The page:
Leadership and initiative:

Ron Breslow had broad interests, with projects ranging from developing artificial enzymes, to novel anti-aromatic compounds, to remote C–H activation of steroids, to determining hydrocarbon p K a values using electrochemistry. The lesson learned, and one I tried to put into practice in my independent career (see below), is that it is very much possible to run a research group focused in quite different areas of chemistry. With an NSF-NATO postdoctoral fellowship, I spent just under two years with Sir Alan Battersby at the University of Cambridge where we completed the total synthesis of sirohydrochlorin, an intermediate in the biosynthesis of vitamin B12. Then in July 1985, it was off to the University of Illinois at Urbana-Champaign.

Developing molecular tweezers was one of the main projects I started in my independent academic career at Illinois. The idea originated at Columbia when I began to teach myself the biochemistry and biology lacking in any of my formal coursework. For example, one summer that process involved taking J. D. Watson’s “Molecular Biology of the Gene” [5] on the subway to a Long Island beach on weekends. The beautiful structure of DNA and its intercalation complexes of aromatic dyes were especially intriguing. In broader reading, I sought to understand better the so-called nearest-neighbor exclusion principle (NEP), wherein intercalators at full saturation of a DNA helix bind every other site (i.e., one intercalator per two base-pairs) [6] .

Figure2a schematically shows how insertion of monointercalators at full saturation leads to a DNA helix with intercalation sites only half occupied. Le Pecq and coworkers studied bisacridines such as 1 ( Figure2b ) [7] . Consistent with the NEP, 1 formed a very tight bisintercalation complex with its spermine-derived linker chain spanning two base-pairs ( Figure2c ). However, with shorter linkers that can only span a single base-pair, a monointercalation complex forms ( Figure2d ). In fact, with bisintercalators the situation is considerably more complicated with the apparent width of the intercalator determining whether the nearest neighbor exclusion principle is obeyed. Although the principle remains poorly understood even today, my idea as a graduate student was to make a bisintercalator that was so rigid it could not form the mono-intercalated complex in Figure2d . The ultimate goal was to develop a small molecule ligand that might intercalate at sites that lack a conventional neighboring intercalation site, for example, the ends of DNA double helices, replication forks, or abasic sites.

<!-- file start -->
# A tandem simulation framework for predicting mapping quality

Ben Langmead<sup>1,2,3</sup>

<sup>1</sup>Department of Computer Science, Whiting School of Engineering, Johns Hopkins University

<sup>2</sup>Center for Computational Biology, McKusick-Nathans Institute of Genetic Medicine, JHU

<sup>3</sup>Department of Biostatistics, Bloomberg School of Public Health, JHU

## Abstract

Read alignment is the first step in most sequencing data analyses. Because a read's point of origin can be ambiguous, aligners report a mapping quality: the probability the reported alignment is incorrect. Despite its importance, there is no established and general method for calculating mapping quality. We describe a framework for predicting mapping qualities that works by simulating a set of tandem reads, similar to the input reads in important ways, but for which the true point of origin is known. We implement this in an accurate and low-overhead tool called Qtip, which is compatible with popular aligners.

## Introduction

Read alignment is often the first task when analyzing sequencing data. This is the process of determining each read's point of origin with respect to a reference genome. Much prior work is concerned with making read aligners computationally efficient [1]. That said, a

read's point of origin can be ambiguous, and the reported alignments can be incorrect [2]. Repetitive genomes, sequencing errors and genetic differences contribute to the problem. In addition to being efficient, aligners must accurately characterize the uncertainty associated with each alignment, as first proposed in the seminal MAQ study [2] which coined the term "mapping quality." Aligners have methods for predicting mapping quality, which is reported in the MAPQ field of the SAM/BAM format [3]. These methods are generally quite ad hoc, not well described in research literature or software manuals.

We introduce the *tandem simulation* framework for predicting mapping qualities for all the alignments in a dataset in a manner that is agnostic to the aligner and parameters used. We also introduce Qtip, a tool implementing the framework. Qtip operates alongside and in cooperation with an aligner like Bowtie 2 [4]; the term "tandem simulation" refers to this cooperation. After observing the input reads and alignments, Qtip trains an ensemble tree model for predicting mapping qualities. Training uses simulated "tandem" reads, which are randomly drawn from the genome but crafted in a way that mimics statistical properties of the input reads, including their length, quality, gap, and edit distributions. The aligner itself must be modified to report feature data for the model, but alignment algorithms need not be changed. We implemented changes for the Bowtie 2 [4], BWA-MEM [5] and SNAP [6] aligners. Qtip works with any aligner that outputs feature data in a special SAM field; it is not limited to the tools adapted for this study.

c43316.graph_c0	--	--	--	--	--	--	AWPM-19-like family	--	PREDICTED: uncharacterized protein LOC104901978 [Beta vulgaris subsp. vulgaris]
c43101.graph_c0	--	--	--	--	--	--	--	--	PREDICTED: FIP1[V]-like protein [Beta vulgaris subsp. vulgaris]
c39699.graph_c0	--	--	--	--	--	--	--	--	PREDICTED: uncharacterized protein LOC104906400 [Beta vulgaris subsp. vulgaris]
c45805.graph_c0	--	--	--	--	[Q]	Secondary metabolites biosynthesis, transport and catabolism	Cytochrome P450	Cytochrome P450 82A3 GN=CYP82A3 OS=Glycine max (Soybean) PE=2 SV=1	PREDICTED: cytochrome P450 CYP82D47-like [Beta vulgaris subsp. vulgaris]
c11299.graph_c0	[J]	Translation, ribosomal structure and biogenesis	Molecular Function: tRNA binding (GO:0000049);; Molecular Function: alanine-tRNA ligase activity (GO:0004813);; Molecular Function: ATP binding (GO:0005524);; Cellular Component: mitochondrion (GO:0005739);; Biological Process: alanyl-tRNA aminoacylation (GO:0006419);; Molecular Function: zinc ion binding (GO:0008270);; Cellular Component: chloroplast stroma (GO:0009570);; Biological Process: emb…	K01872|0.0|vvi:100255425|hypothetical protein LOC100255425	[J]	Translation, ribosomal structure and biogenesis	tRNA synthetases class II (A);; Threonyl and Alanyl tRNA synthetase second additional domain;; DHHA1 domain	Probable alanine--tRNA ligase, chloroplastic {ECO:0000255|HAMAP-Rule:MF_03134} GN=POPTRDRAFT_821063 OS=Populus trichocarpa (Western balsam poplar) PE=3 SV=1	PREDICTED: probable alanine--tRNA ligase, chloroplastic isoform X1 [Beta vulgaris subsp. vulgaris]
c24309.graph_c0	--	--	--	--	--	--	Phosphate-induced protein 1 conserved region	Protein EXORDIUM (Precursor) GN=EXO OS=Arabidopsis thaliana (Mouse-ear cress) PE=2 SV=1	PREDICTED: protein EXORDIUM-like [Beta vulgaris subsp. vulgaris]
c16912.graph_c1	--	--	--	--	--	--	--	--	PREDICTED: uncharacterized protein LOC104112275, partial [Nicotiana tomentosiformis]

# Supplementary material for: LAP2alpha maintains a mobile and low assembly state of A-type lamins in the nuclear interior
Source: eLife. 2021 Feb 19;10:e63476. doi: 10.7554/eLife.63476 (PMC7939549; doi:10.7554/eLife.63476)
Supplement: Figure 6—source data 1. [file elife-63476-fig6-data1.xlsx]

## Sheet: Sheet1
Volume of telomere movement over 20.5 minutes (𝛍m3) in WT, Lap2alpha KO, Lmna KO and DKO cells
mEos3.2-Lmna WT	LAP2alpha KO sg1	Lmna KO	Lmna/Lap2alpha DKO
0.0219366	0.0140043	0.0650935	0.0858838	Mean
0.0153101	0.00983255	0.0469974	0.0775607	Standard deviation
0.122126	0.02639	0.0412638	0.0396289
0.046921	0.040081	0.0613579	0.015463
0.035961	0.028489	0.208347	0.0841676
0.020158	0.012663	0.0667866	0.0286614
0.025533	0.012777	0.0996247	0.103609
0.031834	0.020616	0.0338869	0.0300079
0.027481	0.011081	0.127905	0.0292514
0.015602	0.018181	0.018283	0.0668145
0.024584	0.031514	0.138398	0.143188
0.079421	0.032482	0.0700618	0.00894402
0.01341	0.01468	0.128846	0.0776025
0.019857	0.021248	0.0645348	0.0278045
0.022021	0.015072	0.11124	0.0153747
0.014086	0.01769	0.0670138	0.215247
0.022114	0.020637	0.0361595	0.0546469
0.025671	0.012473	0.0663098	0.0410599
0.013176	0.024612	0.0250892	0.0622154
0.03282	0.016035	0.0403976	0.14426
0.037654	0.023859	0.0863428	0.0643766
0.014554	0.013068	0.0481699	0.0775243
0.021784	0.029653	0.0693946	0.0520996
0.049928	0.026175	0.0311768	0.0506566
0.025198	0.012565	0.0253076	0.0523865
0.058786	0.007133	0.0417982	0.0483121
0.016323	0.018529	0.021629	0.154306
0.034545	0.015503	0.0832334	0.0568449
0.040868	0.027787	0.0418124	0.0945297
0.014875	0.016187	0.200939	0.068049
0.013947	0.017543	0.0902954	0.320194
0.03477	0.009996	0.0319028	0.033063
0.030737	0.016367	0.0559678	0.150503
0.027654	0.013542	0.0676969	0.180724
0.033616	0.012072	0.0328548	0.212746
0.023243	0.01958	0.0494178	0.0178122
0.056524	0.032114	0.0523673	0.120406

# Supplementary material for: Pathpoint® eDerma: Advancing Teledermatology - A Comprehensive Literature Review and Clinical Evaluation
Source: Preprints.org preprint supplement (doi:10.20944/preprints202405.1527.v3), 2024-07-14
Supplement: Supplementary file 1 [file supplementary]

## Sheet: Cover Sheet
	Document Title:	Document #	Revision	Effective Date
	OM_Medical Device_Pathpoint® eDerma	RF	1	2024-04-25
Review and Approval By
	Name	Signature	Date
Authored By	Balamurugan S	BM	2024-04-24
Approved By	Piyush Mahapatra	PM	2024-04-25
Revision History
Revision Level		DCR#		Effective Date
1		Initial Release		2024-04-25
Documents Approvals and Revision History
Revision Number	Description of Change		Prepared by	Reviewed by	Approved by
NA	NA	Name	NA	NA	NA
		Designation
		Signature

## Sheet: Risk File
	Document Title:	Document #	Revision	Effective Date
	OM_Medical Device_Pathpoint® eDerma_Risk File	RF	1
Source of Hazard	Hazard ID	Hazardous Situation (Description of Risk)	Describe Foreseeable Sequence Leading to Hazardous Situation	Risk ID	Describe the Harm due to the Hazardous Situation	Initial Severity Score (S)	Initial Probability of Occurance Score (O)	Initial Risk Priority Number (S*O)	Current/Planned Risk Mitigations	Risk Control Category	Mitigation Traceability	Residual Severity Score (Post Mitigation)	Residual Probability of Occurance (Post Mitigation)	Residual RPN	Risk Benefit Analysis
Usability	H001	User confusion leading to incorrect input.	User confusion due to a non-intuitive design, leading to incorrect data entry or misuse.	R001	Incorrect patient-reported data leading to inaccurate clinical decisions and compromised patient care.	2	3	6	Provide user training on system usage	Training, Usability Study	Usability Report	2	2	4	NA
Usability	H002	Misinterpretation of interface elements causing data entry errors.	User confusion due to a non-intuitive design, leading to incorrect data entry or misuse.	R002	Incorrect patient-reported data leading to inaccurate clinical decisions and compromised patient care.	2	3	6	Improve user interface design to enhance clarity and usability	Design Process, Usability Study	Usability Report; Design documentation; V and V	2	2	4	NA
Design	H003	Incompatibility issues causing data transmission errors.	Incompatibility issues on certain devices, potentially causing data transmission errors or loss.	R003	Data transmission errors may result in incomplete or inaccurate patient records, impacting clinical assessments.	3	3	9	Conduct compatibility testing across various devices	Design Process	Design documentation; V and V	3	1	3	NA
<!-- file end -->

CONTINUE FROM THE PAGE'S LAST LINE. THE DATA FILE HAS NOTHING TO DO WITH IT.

Figure 2: (a) Schematic double helix fully saturated with intercalator (in purple) according to the neighbor exclusion principle (NEP). (b) Bisintercalator with spermine linker. (c,d) Bisintercalator with long linker spanning two base-pairs and short linker preferring mono-intercalation to obey NEP. (e) Whitlock’s “rigid” molecular tweezer.